Deal with it

Published on October 11th, 2012


That game’s got your child

Survey conducted in the nation’s metros and major cities shows that children playing violent computer games are becoming increasingly aggressive.
by The Editors |

If your child is hooked on to his computer or mobile phone, playing away to kingdom come as a variety of bangs, screams and explosions rock the house through his screen, yank the device away from him immediately. He may be playing a game that is potentially blunting his sensitivities to aggression and what constitutes aggressive behaviour.

At a time when school kids are not thinking twice before picking up the nearest sharp weapon and stabbing another in the wake of an argument or minor scuffle, the increasing amounts of time that adolescents and teenagers are spending playing violent video games is a cause for worry. As per a survey conducted by the Associated Chamber of Commerce (ASSOCHAM) under its Social Development Foundation (SDF) in May 2012, violent video games are fuelling a rise in aggressive behaviour among children. As per the survey, “Due to the absence of parents at home, over 75 per cent of metropolitan kids between the ages of five to 17 years exposed themselves to violent video games, which lead to severely desensitivity to aggression and violent behaviour amongst them.”

The survey findings are grim – 60 to 80 per cent of the children surveyed displayed real-life aggressive behaviour owing to prolonged exposure to violent video games. The survey included over 1,000 teenagers and 1,000 parents in the major metros such as Mumbai, Delhi-NCR and Chennai, apart from Goa, Cochin, Ahmedabad, Hyderabad, Indore, Patna, Pune, Chandigarh and Dehradun. An interesting fact observed was that 65 per cent of the children surveyed had a computer in their bedroom, and thus, plenty of opportunity to get to a game.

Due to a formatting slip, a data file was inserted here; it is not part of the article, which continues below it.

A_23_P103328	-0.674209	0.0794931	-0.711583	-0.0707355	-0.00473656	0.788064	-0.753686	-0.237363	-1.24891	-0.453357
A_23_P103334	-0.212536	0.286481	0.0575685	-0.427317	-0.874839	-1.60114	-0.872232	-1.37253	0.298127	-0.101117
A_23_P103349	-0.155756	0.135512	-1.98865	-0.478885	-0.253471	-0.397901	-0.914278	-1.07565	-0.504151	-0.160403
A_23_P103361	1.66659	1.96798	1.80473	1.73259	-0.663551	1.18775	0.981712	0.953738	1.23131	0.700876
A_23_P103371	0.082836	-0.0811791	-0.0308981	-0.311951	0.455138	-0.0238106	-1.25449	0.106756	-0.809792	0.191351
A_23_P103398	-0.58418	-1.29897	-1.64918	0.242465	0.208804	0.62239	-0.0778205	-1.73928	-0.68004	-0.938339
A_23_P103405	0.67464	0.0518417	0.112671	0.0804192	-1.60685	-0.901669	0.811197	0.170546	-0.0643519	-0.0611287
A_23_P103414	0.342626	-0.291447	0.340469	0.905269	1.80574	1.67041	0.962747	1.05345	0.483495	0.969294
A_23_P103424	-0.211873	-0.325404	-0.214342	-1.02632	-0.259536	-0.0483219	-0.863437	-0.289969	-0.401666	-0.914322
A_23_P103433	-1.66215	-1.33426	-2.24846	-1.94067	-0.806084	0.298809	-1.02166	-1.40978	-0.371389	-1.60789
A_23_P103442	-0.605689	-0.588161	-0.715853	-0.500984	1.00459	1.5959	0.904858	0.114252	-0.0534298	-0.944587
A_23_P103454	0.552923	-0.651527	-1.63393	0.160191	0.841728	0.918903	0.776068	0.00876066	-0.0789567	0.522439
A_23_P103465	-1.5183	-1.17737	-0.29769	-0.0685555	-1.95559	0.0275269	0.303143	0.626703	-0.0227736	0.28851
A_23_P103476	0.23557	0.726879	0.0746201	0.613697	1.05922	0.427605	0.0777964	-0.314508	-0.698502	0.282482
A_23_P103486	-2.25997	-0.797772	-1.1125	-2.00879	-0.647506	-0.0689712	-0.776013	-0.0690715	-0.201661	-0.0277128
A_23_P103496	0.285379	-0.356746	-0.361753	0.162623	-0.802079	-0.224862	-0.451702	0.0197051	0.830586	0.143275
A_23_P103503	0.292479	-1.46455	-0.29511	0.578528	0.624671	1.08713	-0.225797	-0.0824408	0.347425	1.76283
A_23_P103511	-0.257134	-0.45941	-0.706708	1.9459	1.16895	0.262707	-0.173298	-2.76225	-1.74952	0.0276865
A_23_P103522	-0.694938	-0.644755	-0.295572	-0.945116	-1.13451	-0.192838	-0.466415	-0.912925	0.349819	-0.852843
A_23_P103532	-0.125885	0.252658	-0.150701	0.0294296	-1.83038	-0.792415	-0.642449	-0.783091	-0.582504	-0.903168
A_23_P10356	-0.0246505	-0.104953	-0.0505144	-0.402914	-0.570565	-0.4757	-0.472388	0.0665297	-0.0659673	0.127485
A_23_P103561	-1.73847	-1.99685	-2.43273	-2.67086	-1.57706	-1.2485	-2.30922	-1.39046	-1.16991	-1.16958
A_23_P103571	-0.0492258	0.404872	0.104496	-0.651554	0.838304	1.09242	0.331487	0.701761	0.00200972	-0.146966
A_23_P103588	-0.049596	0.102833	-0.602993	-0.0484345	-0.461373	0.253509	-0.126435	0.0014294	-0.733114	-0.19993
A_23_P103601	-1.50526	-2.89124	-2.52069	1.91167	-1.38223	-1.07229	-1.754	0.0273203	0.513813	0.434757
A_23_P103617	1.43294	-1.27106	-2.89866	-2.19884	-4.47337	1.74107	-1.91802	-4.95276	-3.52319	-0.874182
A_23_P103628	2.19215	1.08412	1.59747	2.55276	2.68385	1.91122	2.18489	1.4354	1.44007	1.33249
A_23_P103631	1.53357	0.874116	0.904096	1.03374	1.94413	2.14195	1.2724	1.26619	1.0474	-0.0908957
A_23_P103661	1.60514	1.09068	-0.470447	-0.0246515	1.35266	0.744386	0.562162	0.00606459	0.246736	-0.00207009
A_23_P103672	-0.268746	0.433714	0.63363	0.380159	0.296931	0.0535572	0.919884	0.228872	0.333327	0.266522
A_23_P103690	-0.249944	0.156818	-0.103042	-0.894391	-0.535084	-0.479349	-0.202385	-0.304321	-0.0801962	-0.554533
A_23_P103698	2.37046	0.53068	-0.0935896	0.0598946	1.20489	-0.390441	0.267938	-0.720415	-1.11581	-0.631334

Said D S Rawat, Secretary, ASSOCHAM, “Exposed to violence, the child loses his emotional connect [with others] and it becomes much easier [for him] to engage in violence.” Echoing this sentiment, Dr B K Rao, Chairman of the ASSOCHAM Health Committee said, “Increased exposure to violent video games leads to compulsive behaviour, loss of interest in other activities, and association mainly with other video game addicts. Parents should provide educational information [to their children] rather than violent games, encourage playing in groups rather than as a solitary activity, and set time limits on children’s playing time.” He added that young children often had difficulty distinguishing reality from fantasy, which made them more vulnerable to the effects of media violence. “They may become more aggressive and fearful if they are exposed to high levels of violence in video games,” added Dr Rao.

The survey added that parents felt that the most violent games were Grand Theft Auto, Mortal Kombat and Modern Warfare. Most games were either played online or were easily downloaded from sites such as Newgrounds and eBaum’s World.

Another interesting finding was that boys played violent video games more often than girls.  Also, of the children surveyed, those under age six played an average of about one to two hours on the computer a day, while pre-teens and teens spent nearly four to six hours a day in front of a  computer screen. The survey data also showed that boys became more desensitised towards the videos the longer they watched them.

Highlights in numbers:

– 62 per cent play almost every day

– 68 per cent play for excitement

– 52 per cent get restless and irritable if they can’t play

– 68 per cent sacrifice social and sporting activities for video games

– 42 per cent play instead of doing their homework

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